Digging into Penn Dining: A timeline

By Anjali Reddy

1920 Commons Dining Hall / Photo credit: Penn Dining

Editor’s Note: This piece is part of a series. As a part of this series, we plan to release pieces on outsourcing dining, unions and work conditions for employees, sustainability, pricing, and the quality and health of food in the coming weeks. If you have any additional ideas about aspects of Penn Dining you would like to better understand, or if you have responses to these pieces, please email anjalire@sas.upenn.edu. Be sure to sign up for our newsletter to be the first to hear when we release the next part.

From a million-dollar deficit to dining service strikes to outsourcing dining, Penn Dining has undergone many changes to become the dining program it is today. See a sneak peek at the first investigative reporting project of The Pennsylvania Post, aiming to answer the simple question: Why is Penn Dining so bad? 

An October 1895 map of the old University of Pennsylvania dining hall. / Photo credit: JSTOR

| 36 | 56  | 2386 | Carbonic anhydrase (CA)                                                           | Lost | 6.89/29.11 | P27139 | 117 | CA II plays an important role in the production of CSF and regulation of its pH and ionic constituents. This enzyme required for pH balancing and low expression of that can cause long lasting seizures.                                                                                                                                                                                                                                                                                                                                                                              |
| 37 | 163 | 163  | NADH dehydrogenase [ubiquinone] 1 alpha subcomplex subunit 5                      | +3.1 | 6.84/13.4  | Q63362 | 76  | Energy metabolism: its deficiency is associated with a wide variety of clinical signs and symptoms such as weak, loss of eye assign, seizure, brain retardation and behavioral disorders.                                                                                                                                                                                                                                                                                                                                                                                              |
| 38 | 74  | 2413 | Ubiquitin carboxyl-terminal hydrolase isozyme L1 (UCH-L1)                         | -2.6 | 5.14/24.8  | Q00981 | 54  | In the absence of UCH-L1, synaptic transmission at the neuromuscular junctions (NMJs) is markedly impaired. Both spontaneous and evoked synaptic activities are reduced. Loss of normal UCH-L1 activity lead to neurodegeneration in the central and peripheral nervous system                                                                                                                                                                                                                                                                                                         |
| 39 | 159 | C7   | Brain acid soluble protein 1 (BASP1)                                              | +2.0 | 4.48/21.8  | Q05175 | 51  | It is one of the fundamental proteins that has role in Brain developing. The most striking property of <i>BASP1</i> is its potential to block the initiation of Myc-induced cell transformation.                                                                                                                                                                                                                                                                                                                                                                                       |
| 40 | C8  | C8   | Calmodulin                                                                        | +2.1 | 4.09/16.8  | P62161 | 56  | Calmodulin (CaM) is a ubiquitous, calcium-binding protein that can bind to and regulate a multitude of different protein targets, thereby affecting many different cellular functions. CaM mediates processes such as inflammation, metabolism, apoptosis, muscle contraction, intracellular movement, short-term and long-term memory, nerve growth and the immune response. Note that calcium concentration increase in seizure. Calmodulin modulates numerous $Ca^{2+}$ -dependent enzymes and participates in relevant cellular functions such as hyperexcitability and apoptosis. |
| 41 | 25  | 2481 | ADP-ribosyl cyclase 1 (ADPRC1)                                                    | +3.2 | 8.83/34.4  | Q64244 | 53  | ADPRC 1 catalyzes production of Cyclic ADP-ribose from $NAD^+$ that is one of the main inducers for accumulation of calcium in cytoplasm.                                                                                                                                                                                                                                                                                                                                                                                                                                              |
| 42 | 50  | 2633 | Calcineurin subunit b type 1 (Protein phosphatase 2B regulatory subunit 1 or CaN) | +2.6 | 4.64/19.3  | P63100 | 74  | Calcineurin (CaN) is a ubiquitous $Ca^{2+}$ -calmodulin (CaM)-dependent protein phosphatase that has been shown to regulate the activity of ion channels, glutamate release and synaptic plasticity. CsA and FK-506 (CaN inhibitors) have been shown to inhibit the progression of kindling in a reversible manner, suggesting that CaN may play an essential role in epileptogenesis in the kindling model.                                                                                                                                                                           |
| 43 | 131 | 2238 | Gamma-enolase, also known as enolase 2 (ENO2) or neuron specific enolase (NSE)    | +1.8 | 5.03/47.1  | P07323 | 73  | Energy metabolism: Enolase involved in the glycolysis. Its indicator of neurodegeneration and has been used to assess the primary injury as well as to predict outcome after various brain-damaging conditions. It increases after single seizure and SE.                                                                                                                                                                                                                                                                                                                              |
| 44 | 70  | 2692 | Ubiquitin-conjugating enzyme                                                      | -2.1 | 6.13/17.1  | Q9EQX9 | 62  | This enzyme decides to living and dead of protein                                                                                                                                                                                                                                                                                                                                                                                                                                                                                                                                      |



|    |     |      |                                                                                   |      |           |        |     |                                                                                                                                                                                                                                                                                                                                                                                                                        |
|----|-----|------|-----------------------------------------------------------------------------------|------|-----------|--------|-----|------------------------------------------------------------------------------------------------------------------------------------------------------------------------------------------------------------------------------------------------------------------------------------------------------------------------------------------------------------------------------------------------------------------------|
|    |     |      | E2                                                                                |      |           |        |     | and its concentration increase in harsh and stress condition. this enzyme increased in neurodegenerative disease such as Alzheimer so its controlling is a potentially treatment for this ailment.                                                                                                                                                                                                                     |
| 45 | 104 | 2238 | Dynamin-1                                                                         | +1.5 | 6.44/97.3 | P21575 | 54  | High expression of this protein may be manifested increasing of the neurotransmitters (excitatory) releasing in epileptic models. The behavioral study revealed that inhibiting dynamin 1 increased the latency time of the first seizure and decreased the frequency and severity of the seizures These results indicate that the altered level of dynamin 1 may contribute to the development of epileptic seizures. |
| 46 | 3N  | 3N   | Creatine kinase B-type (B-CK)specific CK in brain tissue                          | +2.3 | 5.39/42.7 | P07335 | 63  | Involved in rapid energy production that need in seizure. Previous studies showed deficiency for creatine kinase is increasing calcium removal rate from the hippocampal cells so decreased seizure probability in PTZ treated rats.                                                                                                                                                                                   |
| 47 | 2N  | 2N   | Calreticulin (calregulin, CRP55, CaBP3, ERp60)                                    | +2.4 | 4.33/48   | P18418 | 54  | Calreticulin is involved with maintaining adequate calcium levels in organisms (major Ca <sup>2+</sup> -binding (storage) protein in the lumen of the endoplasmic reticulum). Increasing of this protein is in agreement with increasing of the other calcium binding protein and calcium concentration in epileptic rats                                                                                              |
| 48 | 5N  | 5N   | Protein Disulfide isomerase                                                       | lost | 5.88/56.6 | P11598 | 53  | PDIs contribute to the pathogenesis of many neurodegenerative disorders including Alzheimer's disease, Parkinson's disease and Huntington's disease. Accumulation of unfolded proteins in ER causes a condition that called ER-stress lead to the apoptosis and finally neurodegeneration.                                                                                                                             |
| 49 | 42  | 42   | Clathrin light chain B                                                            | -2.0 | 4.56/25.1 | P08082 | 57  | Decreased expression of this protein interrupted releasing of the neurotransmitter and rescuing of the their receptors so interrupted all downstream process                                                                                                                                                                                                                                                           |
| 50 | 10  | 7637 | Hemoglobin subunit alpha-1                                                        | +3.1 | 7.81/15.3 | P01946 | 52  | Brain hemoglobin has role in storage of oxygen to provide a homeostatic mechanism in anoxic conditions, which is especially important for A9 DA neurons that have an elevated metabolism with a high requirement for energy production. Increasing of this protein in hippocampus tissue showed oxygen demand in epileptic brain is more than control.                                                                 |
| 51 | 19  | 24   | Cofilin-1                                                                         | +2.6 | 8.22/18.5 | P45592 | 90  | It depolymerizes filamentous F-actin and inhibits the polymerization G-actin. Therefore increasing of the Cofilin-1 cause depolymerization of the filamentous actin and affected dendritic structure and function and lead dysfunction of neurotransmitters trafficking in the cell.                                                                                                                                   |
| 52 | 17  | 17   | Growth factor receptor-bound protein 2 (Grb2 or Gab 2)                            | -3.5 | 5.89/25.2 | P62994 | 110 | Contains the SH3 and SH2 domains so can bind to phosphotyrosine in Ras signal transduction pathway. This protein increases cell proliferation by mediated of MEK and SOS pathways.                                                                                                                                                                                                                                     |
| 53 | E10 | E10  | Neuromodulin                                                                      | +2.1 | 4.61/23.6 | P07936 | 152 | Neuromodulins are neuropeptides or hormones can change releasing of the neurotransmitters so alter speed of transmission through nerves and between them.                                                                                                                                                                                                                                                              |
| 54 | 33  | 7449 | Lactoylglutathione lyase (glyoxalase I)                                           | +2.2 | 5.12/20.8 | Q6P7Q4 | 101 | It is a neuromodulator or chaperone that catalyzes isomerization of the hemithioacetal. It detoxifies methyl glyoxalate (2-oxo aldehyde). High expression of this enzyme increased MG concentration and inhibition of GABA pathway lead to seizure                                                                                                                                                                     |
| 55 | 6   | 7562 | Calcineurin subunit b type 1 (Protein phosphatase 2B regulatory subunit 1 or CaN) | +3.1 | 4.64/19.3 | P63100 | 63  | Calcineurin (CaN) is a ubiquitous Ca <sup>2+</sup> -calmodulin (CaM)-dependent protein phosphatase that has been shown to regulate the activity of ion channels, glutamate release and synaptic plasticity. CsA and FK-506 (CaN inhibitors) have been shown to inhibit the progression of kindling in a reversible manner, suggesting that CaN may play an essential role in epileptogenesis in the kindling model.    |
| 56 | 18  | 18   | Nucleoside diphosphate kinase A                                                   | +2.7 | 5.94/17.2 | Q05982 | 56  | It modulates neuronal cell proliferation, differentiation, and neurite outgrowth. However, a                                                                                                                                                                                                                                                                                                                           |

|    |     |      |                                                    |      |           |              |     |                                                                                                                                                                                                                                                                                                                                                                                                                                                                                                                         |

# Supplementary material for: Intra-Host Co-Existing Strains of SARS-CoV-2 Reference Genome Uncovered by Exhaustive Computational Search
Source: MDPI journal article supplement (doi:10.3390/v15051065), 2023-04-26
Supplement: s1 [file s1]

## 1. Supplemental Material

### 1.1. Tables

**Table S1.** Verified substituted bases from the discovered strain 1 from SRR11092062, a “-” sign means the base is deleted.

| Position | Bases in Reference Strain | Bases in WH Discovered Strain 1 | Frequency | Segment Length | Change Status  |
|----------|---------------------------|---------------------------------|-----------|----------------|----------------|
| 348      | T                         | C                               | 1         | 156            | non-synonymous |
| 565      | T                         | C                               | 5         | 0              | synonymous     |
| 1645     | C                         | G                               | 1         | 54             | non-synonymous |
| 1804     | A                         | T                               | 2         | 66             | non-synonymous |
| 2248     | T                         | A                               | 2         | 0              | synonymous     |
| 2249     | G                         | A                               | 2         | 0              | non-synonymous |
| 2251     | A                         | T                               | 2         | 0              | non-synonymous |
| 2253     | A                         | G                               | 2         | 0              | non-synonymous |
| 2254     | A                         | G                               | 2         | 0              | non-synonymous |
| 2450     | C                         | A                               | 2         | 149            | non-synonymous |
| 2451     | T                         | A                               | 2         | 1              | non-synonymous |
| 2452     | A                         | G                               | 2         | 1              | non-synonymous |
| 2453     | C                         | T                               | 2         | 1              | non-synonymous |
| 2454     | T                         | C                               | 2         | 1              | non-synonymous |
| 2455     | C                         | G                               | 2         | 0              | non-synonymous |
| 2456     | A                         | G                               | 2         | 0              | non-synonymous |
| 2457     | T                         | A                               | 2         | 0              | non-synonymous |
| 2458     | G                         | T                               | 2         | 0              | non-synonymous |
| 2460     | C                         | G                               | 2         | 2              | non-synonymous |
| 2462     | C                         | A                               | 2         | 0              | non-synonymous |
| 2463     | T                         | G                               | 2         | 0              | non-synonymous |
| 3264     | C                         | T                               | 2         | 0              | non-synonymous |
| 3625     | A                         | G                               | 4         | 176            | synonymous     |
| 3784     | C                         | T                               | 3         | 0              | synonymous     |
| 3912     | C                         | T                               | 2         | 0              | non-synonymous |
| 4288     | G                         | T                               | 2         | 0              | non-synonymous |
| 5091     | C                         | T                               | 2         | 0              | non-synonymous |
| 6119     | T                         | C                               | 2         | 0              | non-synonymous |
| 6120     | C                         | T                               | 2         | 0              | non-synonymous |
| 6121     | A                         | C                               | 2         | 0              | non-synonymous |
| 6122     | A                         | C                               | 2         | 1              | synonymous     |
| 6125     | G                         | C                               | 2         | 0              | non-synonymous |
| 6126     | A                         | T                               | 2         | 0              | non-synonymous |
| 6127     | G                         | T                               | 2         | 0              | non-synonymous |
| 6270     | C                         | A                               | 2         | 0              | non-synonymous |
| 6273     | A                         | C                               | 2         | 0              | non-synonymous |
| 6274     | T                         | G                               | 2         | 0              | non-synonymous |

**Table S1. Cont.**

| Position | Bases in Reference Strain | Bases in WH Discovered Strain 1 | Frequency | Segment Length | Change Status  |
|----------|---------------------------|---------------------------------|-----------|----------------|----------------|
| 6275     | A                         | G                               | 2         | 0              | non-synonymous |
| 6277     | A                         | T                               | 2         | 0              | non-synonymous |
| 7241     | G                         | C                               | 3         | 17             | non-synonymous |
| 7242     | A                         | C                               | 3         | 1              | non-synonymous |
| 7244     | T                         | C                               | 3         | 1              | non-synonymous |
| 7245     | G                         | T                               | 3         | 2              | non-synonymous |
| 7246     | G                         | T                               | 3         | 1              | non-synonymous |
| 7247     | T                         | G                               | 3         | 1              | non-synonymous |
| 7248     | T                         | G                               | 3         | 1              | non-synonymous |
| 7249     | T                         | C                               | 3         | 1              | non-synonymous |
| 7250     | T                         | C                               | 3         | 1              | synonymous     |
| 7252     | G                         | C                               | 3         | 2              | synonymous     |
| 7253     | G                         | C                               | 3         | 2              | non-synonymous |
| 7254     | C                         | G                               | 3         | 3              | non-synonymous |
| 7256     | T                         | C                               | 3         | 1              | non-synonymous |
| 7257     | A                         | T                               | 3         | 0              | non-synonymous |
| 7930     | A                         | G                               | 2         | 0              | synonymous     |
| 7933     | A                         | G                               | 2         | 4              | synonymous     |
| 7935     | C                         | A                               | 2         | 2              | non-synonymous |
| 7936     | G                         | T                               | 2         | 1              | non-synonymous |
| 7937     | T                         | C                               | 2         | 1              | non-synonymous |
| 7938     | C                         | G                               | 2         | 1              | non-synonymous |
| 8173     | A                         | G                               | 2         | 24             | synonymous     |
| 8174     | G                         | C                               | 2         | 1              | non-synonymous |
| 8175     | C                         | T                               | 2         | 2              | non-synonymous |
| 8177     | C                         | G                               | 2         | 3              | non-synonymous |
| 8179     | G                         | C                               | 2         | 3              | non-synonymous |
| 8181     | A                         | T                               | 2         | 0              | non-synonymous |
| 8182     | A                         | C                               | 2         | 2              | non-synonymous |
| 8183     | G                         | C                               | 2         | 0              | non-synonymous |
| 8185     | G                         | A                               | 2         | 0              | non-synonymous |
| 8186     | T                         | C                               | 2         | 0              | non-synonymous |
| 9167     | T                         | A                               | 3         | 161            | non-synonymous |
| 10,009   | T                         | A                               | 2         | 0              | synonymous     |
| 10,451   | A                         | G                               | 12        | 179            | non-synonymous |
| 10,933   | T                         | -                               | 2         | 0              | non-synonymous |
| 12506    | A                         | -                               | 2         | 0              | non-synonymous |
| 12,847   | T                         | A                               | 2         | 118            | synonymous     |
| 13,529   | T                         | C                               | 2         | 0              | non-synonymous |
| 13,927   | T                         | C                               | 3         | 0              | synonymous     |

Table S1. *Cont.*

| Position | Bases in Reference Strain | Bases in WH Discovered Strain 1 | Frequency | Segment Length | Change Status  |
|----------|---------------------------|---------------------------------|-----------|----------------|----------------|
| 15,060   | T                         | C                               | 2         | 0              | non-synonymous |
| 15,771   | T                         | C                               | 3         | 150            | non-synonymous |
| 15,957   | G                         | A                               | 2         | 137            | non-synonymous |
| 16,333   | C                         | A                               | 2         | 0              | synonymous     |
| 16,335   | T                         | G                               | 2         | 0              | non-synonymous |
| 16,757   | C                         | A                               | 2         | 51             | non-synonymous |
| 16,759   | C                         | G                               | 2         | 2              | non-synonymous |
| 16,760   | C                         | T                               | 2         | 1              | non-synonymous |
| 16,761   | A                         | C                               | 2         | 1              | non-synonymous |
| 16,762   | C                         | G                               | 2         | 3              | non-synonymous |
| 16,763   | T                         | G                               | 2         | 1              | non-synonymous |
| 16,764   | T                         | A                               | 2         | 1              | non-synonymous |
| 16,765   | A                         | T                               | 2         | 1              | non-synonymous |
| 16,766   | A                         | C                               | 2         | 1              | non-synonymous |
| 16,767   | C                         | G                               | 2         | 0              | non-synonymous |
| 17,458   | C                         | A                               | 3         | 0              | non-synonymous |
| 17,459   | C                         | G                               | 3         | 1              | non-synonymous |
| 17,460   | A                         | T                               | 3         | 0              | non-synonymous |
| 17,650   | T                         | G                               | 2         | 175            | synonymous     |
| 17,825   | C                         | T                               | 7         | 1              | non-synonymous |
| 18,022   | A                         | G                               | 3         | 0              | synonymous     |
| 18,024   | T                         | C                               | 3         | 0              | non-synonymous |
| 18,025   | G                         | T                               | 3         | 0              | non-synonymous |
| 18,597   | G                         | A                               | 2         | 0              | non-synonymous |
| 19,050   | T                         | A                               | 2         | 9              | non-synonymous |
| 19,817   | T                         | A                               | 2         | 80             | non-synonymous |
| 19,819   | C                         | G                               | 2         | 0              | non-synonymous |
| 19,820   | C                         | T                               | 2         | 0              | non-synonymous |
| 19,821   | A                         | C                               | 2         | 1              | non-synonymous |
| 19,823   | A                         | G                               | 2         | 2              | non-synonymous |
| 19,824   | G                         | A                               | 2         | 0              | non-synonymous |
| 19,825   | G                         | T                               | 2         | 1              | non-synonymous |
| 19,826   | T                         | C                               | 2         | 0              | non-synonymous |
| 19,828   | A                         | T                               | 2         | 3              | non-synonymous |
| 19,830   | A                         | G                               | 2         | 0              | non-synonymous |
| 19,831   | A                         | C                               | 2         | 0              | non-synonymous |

January 1896 — Houston Hall opens for the first time with a swimming pool, a pool table, a reading room, a theater, and a dining hall on the second floor.

A map of the University’s campus in 1899. / Photo credit: University of Pennsylvania Almanac, Vol. 46, No. 16, January 11, 2000

May 1961 — A house plan for what is now the Quad gets approved to house 250 to 300 undergraduate men with its own dining commons.

December 1964 — President Harnwell plans to create a dining commons in every residential living space in the University’s Integrated Development Plan because a dining commons within each house would encourage “an environment for learning.”

December 1964 — A new house plan hopes to create five residence houses each with their own dining rooms.

October 1967 — Amid a rise in student protests on college campuses in the 1960s, Philosophy Chairman and Professor Dr. James F. Ross said “A real undergraduate community will eventually have to have its physical plant, its housing, its dining, and its library facilities patterned appropriately for an autonomous community.”